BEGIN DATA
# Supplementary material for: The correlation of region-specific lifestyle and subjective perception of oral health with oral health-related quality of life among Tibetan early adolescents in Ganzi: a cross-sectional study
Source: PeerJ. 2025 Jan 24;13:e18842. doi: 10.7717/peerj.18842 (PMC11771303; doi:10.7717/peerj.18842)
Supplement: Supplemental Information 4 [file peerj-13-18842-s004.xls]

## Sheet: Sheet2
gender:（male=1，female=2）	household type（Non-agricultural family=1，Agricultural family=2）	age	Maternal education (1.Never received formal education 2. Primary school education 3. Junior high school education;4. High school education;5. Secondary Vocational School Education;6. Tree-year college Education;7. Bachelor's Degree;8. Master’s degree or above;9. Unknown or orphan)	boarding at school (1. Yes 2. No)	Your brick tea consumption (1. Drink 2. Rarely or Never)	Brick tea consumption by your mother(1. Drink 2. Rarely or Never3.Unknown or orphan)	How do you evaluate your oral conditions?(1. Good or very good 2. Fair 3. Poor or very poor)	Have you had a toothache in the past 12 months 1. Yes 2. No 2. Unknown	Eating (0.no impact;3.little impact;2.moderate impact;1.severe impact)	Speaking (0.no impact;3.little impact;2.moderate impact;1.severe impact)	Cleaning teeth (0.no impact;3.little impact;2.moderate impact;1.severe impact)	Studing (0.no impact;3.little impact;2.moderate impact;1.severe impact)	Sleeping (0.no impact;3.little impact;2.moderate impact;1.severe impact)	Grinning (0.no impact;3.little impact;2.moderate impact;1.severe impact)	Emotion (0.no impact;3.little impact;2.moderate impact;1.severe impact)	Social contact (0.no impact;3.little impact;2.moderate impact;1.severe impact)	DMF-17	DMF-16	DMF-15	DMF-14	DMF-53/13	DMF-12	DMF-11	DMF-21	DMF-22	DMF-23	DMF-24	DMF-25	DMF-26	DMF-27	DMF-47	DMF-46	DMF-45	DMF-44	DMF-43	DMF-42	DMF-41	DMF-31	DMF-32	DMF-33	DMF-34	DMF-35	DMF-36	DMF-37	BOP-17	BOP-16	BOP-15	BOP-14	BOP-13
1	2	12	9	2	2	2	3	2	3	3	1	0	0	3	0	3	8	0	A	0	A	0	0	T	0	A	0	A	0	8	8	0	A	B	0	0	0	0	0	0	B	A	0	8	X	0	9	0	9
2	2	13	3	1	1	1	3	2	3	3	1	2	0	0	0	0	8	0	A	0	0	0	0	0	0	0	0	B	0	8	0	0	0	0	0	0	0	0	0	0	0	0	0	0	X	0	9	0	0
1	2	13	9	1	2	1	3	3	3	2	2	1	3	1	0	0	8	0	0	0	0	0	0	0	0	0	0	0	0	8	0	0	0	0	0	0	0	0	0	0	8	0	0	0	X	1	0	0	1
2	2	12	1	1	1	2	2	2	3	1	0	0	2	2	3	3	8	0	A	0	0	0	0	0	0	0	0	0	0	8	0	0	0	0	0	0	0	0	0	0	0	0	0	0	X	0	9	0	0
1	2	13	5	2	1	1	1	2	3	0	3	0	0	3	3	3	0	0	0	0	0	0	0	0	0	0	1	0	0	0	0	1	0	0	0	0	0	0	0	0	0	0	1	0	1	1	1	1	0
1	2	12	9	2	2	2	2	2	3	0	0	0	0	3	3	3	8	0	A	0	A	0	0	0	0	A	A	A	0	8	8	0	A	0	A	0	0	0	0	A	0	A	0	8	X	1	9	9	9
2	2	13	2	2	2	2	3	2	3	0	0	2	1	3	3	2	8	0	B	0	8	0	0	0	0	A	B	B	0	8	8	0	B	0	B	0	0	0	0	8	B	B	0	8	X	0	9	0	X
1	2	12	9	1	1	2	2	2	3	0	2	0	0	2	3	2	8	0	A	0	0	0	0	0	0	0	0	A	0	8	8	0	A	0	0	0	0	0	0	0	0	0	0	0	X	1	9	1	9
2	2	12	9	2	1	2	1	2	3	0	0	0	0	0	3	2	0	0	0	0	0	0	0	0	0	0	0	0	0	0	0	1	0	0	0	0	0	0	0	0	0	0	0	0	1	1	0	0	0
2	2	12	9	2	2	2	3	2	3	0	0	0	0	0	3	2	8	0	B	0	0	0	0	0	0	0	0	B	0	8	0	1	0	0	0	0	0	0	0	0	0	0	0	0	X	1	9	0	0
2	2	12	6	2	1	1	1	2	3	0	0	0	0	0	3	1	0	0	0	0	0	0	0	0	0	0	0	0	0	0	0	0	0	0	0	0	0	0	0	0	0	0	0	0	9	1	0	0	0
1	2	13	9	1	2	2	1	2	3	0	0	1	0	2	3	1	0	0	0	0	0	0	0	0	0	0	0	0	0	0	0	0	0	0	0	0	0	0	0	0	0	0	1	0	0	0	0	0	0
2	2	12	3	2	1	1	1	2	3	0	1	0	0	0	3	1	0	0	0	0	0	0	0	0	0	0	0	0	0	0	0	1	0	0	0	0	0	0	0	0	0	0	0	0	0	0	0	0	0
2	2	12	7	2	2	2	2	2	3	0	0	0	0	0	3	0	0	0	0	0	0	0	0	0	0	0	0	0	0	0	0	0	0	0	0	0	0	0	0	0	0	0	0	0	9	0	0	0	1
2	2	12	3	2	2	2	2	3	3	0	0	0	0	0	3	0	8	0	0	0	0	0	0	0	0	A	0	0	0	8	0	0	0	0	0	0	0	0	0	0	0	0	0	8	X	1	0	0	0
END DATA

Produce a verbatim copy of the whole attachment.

# Supplementary material for: The correlation of region-specific lifestyle and subjective perception of oral health with oral health-related quality of life among Tibetan early adolescents in Ganzi: a cross-sectional study
Source: PeerJ. 2025 Jan 24;13:e18842. doi: 10.7717/peerj.18842 (PMC11771303; doi:10.7717/peerj.18842)
Supplement: Supplemental Information 4 [file peerj-13-18842-s004.xls]

## Sheet: Sheet2
gender:（male=1，female=2）	household type（Non-agricultural family=1，Agricultural family=2）	age	Maternal education (1.Never received formal education 2. Primary school education 3. Junior high school education;4. High school education;5. Secondary Vocational School Education;6. Tree-year college Education;7. Bachelor's Degree;8. Master’s degree or above;9. Unknown or orphan)	boarding at school (1. Yes 2. No)	Your brick tea consumption (1. Drink 2. Rarely or Never)	Brick tea consumption by your mother(1. Drink 2. Rarely or Never3.Unknown or orphan)	How do you evaluate your oral conditions?(1. Good or very good 2. Fair 3. Poor or very poor)	Have you had a toothache in the past 12 months 1. Yes 2. No 2. Unknown	Eating (0.no impact;3.little impact;2.moderate impact;1.severe impact)	Speaking (0.no impact;3.little impact;2.moderate impact;1.severe impact)	Cleaning teeth (0.no impact;3.little impact;2.moderate impact;1.severe impact)	Studing (0.no impact;3.little impact;2.moderate impact;1.severe impact)	Sleeping (0.no impact;3.little impact;2.moderate impact;1.severe impact)	Grinning (0.no impact;3.little impact;2.moderate impact;1.severe impact)	Emotion (0.no impact;3.little impact;2.moderate impact;1.severe impact)	Social contact (0.no impact;3.little impact;2.moderate impact;1.severe impact)	DMF-17	DMF-16	DMF-15	DMF-14	DMF-53/13	DMF-12	DMF-11	DMF-21	DMF-22	DMF-23	DMF-24	DMF-25	DMF-26	DMF-27	DMF-47	DMF-46	DMF-45	DMF-44	DMF-43	DMF-42	DMF-41	DMF-31	DMF-32	DMF-33	DMF-34	DMF-35	DMF-36	DMF-37	BOP-17	BOP-16	BOP-15	BOP-14	BOP-13
1	2	12	9	2	2	2	3	2	3	3	1	0	0	3	0	3	8	0	A	0	A	0	0	T	0	A	0	A	0	8	8	0	A	B	0	0	0	0	0	0	B	A	0	8	X	0	9	0	9
2	2	13	3	1	1	1	3	2	3	3	1	2	0	0	0	0	8	0	A	0	0	0	0	0	0	0	0	B	0	8	0	0	0	0	0	0	0	0	0	0	0	0	0	0	X	0	9	0	0
1	2	13	9	1	2	1	3	3	3	2	2	1	3	1	0	0	8	0	0	0	0	0	0	0	0	0	0	0	0	8	0	0	0	0	0	0	0	0	0	0	8	0	0	0	X	1	0	0	1
2	2	12	1	1	1	2	2	2	3	1	0	0	2	2	3	3	8	0	A	0	0	0	0	0	0	0	0	0	0	8	0	0	0	0	0	0	0	0	0	0	0	0	0	0	X	0	9	0	0
1	2	13	5	2	1	1	1	2	3	0	3	0	0	3	3	3	0	0	0	0	0	0	0	0	0	0	1	0	0	0	0	1	0	0	0	0	0	0	0	0	0	0	1	0	1	1	1	1	0
1	2	12	9	2	2	2	2	2	3	0	0	0	0	3	3	3	8	0	A	0	A	0	0	0	0	A	A	A	0	8	8	0	A	0	A	0	0	0	0	A	0	A	0	8	X	1	9	9	9
2	2	13	2	2	2	2	3	2	3	0	0	2	1	3	3	2	8	0	B	0	8	0	0	0	0	A	B	B	0	8	8	0	B	0	B	0	0	0	0	8	B	B	0	8	X	0	9	0	X
1	2	12	9	1	1	2	2	2	3	0	2	0	0	2	3	2	8	0	A	0	0	0	0	0	0	0	0	A	0	8	8	0	A	0	0	0	0	0	0	0	0	0	0	0	X	1	9	1	9
2	2	12	9	2	1	2	1	2	3	0	0	0	0	0	3	2	0	0	0	0	0	0	0	0	0	0	0	0	0	0	0	1	0	0	0	0	0	0	0	0	0	0	0	0	1	1	0	0	0
2	2	12	9	2	2	2	3	2	3	0	0	0	0	0	3	2	8	0	B	0	0	0	0	0	0	0	0	B	0	8	0	1	0	0	0	0	0	0	0	0	0	0	0	0	X	1	9	0	0
2	2	12	6	2	1	1	1	2	3	0	0	0	0	0	3	1	0	0	0	0	0	0	0	0	0	0	0	0	0	0	0	0	0	0	0	0	0	0	0	0	0	0	0	0	9	1	0	0	0
1	2	13	9	1	2	2	1	2	3	0	0	1	0	2	3	1	0	0	0	0	0	0	0	0	0	0	0	0	0	0	0	0	0	0	0	0	0	0	0	0	0	0	1	0	0	0	0	0	0
2	2	12	3	2	1	1	1	2	3	0	1	0	0	0	3	1	0	0	0	0	0	0	0	0	0	0	0	0	0	0	0	1	0	0	0	0	0	0	0	0	0	0	0	0	0	0	0	0	0
2	2	12	7	2	2	2	2	2	3	0	0	0	0	0	3	0	0	0	0	0	0	0	0	0	0	0	0	0	0	0	0	0	0	0	0	0	0	0	0	0	0	0	0	0	9	0	0	0	1
2	2	12	3	2	2	2	2	3	3	0	0	0	0	0	3	0	8	0	0	0	0	0	0	0	0	A	0	0	0	8	0	0	0	0	0	0	0	0	0	0	0	0	0	8	X	1	0	0	0